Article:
Royal Inn (1970-2015)
The Royal Inn (1970-2015)
Location: Just Off The Strip
305 Convention Center Drive
Las Vegas, NV 89109
What’s There Now: Empty Lot
Property opens as Royal Inns of America
Michael Gaughan buys casino operations
Purchased by Horn & Hardt fast food company
Hotel is expanded, remodeled, and rebranded as the Royal Americana
Hotel reopens as The Paddlewheel Casino
Reopens as the Debbie Reynolds Hotel
Property goes bankrupt and closes
Purchased by World Wrestling Federation but they never did anything with it
Hotel sold again and reopens as the Greek Isles
Hotel goes bankrupt again and closes
Hotel reopens as a Clarion
Hotel is imploded
This small hotel/casino opened in 1970 as a branch of the Royal Inns of America, a chain of several dozen hotels in the southwest United States started by hotelier Earl Gagosian. Located just off The Strip on Convention Center Drive, the $3 million hotel had 200 rooms that were marketed both to tourists and business travelers. The small casino had a few dozen slots and a couple of table games.
Michael Gaughan, the son of legendary casino magnate Jackie Gaughan, bought the casino portion of the property in 1972. He acted as the de facto manager of the property until 1979 when it was purchased by fast food operator Horn & Hardt, most famous for their Automat chain. Gaughan used the proceeds to open the Barbary Coast on The Strip and later built up the Coast Casino chain that included The Orleans and Suncoast among others.
The new owners sunk several million dollars into a project to redo the hotel. It was expanded by 100 rooms, remodeled with a New York theme, and rebranded as the Royal Americana. But the early 1980s were not kind to Las Vegas and the hotel closed in 1982. Horn and Hardt tried to sell it but couldn’t find a qualified buyer so they wound up remodeling it again and reopening it in the as the Paddlewheel Hotel & Casino.
The new version of the property had a kid-friendly theme complete with games and rides but that didn’t last long. By the time they added an a drag revue, it was pretty clear that the hotel had a new direction. Neither strategy worked and the company shuttered the building and put it up for sale in 1990.
Entertainer Debbie Reynolds stepped in and bought the property at an auction in 1992. Her and her husband had big plans for the hotel, wanting to add a Hollywood memorabilia museum and a 500-seat showroom where Reynolds could perform. But financing for the renovations were complicated and the hotel reopened in 1993 with pretty much only a new name – the Debbie Reynolds Hotel & Casino – and a fresh coat of paint. The memorabilia museum finally opened in 1994 after she raised money in a public shareholder offering but the big, new showroom never materialized.
The casino, which had been managed by another company, closed in 1996 and the hotel fell into bankruptcy and closed the following year.
In 1998, the World Wrestling Federation (now World Wrestling Entertainment) bought the hotel with plans to tear it down and build a wrestling-themed hotel and casino. It was going to have a 35-story room tower, a huge arena for matches, and multiple restaurants and bars. They even went so far as to strip the property of most of the interior details in preparation for demolition but then changed their mind and sold it to a Chicago real estate firm. The excuse the WWF used at the time was that they decided the land wasn’t big enough to support the plans but most analysts believed that they were spooked by how high the costs of building a major resort in Vegas had risen, with a billion dollars being pretty standard for the time.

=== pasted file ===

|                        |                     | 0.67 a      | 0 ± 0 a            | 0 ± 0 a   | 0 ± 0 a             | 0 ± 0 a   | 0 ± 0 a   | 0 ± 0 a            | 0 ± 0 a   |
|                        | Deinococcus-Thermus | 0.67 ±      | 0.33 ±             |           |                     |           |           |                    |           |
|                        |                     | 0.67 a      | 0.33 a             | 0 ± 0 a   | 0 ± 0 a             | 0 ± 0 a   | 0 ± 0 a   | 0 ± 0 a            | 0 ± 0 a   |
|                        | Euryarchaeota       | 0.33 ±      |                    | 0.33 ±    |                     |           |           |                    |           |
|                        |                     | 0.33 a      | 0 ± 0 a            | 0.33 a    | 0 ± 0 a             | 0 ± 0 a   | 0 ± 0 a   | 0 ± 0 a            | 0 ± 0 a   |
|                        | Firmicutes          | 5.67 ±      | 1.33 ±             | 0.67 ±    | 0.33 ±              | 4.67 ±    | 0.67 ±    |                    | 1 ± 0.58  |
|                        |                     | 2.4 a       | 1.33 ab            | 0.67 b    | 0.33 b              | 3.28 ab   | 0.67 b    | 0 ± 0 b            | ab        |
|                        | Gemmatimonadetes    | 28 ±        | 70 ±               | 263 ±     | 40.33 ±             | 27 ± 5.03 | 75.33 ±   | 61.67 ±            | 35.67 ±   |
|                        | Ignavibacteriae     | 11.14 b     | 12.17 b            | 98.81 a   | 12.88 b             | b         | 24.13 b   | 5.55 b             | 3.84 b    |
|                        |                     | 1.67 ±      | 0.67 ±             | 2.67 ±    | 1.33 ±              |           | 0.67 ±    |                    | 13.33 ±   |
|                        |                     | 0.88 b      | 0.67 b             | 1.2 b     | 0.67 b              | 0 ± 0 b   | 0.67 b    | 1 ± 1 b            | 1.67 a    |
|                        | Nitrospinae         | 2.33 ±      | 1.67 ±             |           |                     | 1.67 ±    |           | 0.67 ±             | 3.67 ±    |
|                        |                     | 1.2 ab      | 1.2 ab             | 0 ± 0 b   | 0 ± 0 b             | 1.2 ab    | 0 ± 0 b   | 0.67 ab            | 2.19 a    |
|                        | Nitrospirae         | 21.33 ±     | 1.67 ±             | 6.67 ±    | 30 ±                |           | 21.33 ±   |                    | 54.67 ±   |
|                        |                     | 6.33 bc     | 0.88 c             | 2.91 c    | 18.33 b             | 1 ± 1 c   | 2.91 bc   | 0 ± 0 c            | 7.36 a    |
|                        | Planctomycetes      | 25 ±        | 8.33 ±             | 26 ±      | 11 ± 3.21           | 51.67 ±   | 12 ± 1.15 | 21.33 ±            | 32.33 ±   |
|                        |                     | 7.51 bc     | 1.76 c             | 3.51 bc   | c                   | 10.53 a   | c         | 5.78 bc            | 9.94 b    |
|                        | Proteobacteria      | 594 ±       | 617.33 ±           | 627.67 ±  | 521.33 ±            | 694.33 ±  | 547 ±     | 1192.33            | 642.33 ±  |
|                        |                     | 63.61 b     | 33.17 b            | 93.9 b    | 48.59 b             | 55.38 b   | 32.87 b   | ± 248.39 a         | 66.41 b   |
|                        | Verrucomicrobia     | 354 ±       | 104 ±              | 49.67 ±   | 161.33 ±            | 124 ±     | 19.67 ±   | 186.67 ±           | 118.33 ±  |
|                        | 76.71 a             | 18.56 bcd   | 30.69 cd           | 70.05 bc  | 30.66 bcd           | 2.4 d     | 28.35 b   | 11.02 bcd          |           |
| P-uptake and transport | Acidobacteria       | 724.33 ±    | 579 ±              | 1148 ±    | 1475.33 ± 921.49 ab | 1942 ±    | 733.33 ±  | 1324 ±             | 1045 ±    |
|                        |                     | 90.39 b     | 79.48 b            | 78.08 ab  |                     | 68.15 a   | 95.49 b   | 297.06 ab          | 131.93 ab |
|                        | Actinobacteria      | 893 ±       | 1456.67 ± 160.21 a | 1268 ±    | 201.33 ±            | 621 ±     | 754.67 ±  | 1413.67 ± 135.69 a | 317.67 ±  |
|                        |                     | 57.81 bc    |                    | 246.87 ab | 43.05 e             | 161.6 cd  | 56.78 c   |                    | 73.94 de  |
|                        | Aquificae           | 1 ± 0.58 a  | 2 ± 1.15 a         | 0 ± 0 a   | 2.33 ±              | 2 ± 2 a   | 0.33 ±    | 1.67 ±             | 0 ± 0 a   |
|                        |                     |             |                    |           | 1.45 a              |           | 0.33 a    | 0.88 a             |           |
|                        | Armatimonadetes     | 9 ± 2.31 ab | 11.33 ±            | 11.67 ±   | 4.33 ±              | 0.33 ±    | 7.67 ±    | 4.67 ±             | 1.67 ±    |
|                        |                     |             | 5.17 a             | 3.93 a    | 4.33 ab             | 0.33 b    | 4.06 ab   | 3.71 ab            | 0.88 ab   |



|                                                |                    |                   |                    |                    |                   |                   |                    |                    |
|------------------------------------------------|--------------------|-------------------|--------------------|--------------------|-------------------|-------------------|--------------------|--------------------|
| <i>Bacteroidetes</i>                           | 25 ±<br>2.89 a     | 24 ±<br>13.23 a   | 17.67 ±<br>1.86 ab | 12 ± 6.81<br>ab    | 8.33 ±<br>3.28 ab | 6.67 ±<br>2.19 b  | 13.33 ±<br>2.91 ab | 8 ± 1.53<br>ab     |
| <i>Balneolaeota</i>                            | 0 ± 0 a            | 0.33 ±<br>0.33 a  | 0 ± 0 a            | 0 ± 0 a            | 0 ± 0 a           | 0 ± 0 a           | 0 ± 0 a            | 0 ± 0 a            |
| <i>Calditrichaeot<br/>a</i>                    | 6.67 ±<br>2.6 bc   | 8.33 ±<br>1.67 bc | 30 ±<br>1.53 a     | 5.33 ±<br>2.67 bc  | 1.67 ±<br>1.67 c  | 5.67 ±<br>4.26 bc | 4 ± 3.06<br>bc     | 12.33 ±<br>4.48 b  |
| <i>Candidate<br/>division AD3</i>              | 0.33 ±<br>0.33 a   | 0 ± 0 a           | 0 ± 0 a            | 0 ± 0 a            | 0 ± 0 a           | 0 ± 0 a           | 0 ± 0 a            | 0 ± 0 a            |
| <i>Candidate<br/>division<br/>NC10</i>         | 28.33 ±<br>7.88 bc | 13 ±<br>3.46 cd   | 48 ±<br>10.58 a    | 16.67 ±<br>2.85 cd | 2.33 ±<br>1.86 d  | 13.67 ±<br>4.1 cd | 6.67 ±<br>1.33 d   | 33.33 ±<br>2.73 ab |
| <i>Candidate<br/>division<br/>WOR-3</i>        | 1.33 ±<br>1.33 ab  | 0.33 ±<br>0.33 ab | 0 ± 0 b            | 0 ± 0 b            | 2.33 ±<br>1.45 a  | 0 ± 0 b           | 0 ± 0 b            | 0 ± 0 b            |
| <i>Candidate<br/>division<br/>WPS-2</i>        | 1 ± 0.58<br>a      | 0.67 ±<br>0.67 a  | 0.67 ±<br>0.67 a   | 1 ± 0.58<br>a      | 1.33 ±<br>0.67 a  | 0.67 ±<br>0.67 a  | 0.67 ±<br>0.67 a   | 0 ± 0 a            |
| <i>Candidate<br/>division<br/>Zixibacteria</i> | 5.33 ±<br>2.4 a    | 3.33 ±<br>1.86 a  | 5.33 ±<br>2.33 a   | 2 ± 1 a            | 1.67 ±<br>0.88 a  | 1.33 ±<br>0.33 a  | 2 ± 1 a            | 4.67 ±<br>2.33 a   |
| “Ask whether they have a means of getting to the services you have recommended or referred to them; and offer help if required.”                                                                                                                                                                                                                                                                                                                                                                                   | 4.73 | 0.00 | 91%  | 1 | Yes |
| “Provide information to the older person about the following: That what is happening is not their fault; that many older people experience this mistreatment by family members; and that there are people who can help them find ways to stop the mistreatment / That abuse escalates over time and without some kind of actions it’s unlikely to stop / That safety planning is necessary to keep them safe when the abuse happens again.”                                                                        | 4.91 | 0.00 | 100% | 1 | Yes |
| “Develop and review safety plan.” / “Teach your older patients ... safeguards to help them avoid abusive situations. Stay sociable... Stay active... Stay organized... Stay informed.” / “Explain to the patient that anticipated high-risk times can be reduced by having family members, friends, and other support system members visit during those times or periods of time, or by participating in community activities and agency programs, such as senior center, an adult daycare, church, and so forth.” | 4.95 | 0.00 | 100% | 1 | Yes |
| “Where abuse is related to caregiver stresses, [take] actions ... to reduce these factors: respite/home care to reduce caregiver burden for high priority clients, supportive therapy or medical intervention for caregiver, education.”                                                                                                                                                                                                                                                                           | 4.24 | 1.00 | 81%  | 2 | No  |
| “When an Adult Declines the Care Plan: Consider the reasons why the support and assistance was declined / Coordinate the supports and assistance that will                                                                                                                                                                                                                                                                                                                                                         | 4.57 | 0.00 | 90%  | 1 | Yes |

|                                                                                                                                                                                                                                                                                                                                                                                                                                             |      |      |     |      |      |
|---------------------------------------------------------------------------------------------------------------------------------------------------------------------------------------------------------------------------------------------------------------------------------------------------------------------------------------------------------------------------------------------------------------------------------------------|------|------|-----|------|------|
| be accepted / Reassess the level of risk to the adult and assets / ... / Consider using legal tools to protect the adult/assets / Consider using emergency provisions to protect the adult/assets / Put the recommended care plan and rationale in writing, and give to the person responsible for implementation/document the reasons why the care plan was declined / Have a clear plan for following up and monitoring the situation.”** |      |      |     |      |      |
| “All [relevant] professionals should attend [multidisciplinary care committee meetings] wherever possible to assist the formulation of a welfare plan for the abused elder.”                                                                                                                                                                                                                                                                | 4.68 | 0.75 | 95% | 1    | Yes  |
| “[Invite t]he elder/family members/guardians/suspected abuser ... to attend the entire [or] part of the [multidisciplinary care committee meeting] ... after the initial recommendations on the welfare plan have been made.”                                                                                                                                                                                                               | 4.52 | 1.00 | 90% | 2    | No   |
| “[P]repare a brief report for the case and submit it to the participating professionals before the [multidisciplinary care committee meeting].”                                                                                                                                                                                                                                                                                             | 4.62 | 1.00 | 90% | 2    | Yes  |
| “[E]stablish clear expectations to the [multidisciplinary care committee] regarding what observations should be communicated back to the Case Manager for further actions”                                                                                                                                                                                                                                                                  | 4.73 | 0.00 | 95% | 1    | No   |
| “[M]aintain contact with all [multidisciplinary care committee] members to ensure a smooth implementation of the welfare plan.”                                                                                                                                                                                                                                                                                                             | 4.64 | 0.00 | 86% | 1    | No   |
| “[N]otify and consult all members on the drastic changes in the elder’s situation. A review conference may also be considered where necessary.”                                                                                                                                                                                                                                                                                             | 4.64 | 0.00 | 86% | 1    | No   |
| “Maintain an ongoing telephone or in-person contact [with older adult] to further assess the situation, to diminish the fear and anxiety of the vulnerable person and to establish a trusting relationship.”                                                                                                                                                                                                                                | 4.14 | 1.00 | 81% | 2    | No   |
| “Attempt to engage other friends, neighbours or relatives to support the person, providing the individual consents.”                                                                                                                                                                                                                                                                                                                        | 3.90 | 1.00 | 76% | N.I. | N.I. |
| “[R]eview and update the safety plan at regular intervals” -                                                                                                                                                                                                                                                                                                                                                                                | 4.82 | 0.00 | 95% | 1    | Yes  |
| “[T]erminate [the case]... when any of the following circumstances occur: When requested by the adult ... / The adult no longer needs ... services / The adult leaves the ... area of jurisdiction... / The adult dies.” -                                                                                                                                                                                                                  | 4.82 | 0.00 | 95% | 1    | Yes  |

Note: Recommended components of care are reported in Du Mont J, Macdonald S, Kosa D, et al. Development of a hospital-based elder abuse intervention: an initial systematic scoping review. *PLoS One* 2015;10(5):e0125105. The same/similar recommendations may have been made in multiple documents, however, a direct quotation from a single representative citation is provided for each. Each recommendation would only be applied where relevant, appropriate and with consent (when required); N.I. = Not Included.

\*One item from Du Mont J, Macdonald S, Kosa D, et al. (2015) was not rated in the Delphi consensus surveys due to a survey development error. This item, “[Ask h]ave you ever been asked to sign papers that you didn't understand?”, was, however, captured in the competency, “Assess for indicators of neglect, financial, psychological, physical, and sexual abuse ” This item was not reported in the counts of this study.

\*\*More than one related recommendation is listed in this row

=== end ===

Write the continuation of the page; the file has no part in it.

The hotel reopened in 2001 as The Greek Isles, with a cheesy Greecian theme, a tiny casino, and some low-rent shows. It was purchased in 2007 by a real estate developer who planned to knock it down and start over but that plan was sidelined by the global recession that hit the following year. The hotel sank into bankruptcy and closed again.
It reopened under the Clarion brand, part of the Choice Hotels chain that includes Comfort Inn, Econolodge, and Rodeway Inn.
The hotel closed for good in September of 2014 and was purchased by real estate developer Lorenzo Doumani, whose family has a long history in Vegas. His uncle managed The Tropicana in the 1970s and the family owned the La Concha motel on The Strip, the lobby of which is now the welcome center for the Neon Museum in Downtown Las Vegas.
The property had a date with dynamite in February of 2015 but apparently it wasn’t ready to go down without a fight. While the bulk of the building collapsed as planned, an elevator tower refused to fall down, leaving a leaning, 8-story high chunk of concrete sticking up like a giant middle finger.
Here’s the video:
The company responsible for the implosion explained that debris at the base of the elevator shaft piled up quicker than expected in such a way that basically braced the tower and kept it from falling down. They had performed 12 successful such demolitions in the past without incident. Yes, that’s right… this was their 13th demolition, so perhaps it is not surprising that it went awry.
The next day a crane came in to remove the last, stubborn remaining bits. They basically put a big cable around the elevator shaft and tugged on it until it fell down.
Doumani has not gotten too specific on what he intends to build on the land. All that he will confirm at this point is that it will be a hotel but will not have a casino.
There is no timeline on when construction will begin or when the new hotel will open.